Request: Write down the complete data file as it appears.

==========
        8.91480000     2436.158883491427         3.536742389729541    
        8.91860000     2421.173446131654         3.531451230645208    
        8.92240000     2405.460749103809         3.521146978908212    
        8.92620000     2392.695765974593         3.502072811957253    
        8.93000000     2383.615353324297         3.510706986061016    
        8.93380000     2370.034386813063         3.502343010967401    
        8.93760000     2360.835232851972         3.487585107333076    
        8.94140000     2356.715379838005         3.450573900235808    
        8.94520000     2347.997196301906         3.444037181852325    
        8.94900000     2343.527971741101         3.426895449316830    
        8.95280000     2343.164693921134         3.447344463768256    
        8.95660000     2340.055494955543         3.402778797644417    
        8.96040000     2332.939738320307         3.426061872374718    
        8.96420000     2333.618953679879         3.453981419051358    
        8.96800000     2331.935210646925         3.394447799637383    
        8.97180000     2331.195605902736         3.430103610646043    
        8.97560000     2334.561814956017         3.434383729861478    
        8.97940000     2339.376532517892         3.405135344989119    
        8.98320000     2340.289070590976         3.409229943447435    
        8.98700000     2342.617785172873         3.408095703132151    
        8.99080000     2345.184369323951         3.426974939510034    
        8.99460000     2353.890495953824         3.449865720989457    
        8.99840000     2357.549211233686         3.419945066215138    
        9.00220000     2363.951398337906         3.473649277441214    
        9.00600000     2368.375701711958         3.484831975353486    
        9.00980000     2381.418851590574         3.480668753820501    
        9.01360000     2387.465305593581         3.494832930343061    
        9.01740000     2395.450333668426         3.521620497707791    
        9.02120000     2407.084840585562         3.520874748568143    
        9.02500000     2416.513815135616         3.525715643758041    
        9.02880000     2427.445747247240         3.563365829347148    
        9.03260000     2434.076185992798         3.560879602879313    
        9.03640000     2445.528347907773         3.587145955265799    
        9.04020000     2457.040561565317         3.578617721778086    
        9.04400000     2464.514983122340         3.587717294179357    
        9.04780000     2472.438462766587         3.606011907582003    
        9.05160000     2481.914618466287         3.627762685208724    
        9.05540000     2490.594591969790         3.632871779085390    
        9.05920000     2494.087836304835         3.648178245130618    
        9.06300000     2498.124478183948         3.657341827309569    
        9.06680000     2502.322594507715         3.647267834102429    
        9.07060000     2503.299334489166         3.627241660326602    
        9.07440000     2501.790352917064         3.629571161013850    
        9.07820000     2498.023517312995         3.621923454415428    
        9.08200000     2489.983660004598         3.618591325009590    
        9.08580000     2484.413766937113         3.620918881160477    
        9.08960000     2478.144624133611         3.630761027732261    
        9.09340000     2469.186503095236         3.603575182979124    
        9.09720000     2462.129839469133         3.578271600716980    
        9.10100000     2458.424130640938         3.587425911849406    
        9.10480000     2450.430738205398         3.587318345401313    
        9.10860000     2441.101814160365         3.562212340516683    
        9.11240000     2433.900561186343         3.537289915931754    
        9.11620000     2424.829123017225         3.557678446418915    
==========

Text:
        8.91480000     2436.158883491427         3.536742389729541    
        8.91860000     2421.173446131654         3.531451230645208    
        8.92240000     2405.460749103809         3.521146978908212    
        8.92620000     2392.695765974593         3.502072811957253    
        8.93000000     2383.615353324297         3.510706986061016    
        8.93380000     2370.034386813063         3.502343010967401    
        8.93760000     2360.835232851972         3.487585107333076    
        8.94140000     2356.715379838005         3.450573900235808    
        8.94520000     2347.997196301906         3.444037181852325    
        8.94900000     2343.527971741101         3.426895449316830    
        8.95280000     2343.164693921134         3.447344463768256    
        8.95660000     2340.055494955543         3.402778797644417    
        8.96040000     2332.939738320307         3.426061872374718    
        8.96420000     2333.618953679879         3.453981419051358    
        8.96800000     2331.935210646925         3.394447799637383    
        8.97180000     2331.195605902736         3.430103610646043    
        8.97560000     2334.561814956017         3.434383729861478    
        8.97940000     2339.376532517892         3.405135344989119    
        8.98320000     2340.289070590976         3.409229943447435    
        8.98700000     2342.617785172873         3.408095703132151    
        8.99080000     2345.184369323951         3.426974939510034    
        8.99460000     2353.890495953824         3.449865720989457    
        8.99840000     2357.549211233686         3.419945066215138    
        9.00220000     2363.951398337906         3.473649277441214    
        9.00600000     2368.375701711958         3.484831975353486    
        9.00980000     2381.418851590574         3.480668753820501    
        9.01360000     2387.465305593581         3.494832930343061    
        9.01740000     2395.450333668426         3.521620497707791    
        9.02120000     2407.084840585562         3.520874748568143    
        9.02500000     2416.513815135616         3.525715643758041    
        9.02880000     2427.445747247240         3.563365829347148    
        9.03260000     2434.076185992798         3.560879602879313    
        9.03640000     2445.528347907773         3.587145955265799    
        9.04020000     2457.040561565317         3.578617721778086    
        9.04400000     2464.514983122340         3.587717294179357    
        9.04780000     2472.438462766587         3.606011907582003    
        9.05160000     2481.914618466287         3.627762685208724    
        9.05540000     2490.594591969790         3.632871779085390    
        9.05920000     2494.087836304835         3.648178245130618    
        9.06300000     2498.124478183948         3.657341827309569    
        9.06680000     2502.322594507715         3.647267834102429    
        9.07060000     2503.299334489166         3.627241660326602    
        9.07440000     2501.790352917064         3.629571161013850    
        9.07820000     2498.023517312995         3.621923454415428    
        9.08200000     2489.983660004598         3.618591325009590    
        9.08580000     2484.413766937113         3.620918881160477    
        9.08960000     2478.144624133611         3.630761027732261    
        9.09340000     2469.186503095236         3.603575182979124    
        9.09720000     2462.129839469133         3.578271600716980    
        9.10100000     2458.424130640938         3.587425911849406    
        9.10480000     2450.430738205398         3.587318345401313    
        9.10860000     2441.101814160365         3.562212340516683    
        9.11240000     2433.900561186343         3.537289915931754    
        9.11620000     2424.829123017225         3.557678446418915    